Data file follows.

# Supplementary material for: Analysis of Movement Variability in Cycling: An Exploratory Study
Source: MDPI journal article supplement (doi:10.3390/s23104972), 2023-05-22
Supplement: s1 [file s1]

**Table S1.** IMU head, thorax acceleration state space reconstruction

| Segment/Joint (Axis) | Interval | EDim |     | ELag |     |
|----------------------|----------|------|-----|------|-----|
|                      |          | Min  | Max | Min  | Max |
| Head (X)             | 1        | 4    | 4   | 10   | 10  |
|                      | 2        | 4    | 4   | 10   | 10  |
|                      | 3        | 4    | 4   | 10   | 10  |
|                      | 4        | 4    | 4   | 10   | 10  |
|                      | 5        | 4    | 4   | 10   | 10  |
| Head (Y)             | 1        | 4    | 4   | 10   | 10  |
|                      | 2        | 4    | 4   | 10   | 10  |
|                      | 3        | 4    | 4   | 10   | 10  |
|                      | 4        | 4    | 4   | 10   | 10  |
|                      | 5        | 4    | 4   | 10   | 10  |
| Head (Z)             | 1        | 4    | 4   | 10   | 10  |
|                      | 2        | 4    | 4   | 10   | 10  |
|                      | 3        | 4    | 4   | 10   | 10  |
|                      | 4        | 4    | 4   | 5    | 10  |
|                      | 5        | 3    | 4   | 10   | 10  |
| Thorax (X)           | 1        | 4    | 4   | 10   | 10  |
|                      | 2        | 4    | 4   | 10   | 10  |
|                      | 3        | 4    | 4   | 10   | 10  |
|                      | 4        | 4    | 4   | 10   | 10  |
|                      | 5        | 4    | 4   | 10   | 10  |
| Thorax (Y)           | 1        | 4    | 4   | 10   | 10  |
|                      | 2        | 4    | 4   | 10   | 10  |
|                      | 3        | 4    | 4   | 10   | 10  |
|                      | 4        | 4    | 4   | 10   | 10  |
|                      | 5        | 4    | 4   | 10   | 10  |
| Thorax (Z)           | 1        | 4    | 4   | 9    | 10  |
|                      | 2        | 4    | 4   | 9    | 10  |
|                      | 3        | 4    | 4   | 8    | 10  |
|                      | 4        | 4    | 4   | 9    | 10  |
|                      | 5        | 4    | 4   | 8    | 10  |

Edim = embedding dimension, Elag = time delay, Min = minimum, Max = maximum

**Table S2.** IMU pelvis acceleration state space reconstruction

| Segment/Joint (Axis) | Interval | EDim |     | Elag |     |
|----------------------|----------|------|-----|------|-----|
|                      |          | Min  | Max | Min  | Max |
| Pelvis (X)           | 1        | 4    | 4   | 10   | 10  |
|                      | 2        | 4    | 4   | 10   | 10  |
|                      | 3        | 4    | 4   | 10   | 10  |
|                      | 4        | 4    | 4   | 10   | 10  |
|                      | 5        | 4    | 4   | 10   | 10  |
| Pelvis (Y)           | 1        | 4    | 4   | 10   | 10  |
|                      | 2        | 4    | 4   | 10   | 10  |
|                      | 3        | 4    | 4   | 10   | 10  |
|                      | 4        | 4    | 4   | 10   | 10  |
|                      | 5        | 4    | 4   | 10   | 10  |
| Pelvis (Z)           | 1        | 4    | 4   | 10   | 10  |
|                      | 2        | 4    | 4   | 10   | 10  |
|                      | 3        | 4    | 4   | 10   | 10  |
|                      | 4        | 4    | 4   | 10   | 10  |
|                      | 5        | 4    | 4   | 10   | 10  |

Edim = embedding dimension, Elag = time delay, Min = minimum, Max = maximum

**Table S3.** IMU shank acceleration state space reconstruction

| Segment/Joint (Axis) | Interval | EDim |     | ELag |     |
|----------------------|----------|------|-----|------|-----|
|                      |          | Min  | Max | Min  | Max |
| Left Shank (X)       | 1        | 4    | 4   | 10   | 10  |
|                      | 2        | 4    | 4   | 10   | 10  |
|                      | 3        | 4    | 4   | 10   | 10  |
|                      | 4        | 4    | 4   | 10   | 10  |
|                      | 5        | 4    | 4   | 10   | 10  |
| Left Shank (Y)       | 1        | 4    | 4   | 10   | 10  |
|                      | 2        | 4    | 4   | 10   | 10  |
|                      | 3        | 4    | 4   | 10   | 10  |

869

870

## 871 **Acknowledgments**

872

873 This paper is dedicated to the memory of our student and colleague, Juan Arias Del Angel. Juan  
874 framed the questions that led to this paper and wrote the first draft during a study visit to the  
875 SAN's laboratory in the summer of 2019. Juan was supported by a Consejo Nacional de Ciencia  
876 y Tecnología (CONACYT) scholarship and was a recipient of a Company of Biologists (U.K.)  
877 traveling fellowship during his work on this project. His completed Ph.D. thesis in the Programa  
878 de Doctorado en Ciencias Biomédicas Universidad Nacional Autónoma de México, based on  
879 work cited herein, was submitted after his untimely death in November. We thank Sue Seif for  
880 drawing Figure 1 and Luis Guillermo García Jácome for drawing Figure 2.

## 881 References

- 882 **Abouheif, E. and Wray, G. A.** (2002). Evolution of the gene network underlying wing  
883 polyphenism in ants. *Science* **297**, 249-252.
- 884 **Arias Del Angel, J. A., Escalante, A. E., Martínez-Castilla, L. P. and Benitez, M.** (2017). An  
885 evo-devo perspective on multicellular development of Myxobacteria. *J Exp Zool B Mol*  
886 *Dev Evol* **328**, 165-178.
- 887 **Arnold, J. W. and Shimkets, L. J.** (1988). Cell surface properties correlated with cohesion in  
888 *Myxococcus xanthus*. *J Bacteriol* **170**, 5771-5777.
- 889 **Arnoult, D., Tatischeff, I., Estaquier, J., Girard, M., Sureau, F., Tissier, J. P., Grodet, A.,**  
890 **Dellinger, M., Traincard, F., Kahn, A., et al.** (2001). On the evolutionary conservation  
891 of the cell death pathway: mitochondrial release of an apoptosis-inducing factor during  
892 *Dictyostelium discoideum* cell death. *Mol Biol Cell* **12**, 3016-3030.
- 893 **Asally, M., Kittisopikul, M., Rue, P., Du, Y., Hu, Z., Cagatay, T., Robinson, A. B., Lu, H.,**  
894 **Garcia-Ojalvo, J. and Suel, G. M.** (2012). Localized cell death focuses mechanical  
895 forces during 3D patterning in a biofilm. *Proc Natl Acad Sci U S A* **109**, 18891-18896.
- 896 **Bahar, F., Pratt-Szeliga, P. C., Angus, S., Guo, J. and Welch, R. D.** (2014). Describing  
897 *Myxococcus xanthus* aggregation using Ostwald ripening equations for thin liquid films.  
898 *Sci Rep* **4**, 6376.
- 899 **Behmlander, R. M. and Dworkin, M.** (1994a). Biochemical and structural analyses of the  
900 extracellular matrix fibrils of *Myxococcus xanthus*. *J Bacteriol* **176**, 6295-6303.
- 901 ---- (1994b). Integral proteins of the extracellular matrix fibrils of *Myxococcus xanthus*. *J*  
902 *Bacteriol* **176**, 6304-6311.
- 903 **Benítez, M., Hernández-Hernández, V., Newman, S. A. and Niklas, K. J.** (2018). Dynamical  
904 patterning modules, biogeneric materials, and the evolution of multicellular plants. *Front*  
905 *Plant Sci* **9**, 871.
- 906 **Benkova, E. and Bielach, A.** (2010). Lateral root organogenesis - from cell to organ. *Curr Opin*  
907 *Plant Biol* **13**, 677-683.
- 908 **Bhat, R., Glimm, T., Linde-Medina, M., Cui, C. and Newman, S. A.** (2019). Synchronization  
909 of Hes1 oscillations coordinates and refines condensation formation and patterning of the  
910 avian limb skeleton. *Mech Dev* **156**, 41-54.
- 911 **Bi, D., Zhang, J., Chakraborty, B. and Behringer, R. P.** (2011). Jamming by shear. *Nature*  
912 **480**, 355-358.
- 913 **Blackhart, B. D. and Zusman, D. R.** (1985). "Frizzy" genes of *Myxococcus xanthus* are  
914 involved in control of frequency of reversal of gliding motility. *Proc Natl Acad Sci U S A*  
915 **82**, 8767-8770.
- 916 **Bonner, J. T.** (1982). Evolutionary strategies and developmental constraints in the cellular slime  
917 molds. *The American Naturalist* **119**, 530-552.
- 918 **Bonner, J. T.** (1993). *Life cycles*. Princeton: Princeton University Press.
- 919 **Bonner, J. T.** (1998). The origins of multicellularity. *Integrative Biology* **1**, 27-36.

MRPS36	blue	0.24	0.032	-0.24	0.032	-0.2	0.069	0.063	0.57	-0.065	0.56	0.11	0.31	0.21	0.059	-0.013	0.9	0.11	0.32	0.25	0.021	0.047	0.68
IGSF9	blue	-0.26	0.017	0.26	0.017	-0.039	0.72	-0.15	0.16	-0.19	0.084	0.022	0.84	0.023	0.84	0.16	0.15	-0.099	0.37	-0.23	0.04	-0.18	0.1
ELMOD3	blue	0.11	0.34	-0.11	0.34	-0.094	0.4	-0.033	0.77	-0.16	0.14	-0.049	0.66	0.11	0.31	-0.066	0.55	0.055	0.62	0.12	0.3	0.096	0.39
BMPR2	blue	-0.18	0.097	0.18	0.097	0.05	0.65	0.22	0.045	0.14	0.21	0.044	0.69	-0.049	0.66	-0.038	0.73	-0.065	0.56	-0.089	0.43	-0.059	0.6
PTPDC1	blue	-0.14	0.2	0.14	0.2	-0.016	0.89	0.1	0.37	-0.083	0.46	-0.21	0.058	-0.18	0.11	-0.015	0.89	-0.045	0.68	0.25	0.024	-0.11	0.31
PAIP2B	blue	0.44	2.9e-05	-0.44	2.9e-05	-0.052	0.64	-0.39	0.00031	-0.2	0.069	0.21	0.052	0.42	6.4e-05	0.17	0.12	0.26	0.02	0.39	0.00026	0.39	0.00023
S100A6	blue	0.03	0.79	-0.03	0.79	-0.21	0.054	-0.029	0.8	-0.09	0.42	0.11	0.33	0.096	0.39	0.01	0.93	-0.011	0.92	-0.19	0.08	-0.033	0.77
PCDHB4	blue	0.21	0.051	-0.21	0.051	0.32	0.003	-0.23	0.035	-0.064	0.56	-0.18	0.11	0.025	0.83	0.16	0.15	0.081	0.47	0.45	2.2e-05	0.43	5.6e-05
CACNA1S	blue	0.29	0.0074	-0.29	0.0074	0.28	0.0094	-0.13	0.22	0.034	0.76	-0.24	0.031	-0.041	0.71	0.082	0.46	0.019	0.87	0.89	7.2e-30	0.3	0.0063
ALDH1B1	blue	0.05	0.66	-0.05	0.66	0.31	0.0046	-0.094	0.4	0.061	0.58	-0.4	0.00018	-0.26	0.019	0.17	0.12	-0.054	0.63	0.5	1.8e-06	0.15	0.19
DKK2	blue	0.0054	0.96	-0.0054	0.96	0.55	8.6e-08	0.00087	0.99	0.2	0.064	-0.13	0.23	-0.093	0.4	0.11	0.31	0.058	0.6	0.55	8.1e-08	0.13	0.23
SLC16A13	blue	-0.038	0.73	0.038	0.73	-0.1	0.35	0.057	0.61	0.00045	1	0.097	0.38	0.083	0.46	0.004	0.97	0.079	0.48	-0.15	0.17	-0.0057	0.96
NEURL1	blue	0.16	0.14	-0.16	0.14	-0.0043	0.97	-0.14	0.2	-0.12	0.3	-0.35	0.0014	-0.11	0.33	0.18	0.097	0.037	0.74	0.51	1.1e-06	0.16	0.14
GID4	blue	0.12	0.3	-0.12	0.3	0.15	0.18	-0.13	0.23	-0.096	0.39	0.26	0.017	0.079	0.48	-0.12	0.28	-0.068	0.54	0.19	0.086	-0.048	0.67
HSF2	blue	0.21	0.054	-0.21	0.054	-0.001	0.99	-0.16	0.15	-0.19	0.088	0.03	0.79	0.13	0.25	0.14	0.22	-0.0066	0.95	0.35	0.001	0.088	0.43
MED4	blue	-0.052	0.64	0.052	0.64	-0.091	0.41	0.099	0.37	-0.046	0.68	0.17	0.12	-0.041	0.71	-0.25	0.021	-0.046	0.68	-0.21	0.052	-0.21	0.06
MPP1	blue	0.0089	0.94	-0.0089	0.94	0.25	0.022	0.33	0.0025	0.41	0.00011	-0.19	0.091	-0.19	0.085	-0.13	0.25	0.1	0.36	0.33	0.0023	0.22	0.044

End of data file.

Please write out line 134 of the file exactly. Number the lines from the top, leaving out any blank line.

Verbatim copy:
NEURL1	blue	0.16	0.14	-0.16	0.14	-0.0043	0.97	-0.14	0.2	-0.12	0.3	-0.35	0.0014	-0.11	0.33	0.18	0.097	0.037	0.74	0.51	1.1e-06	0.16	0.14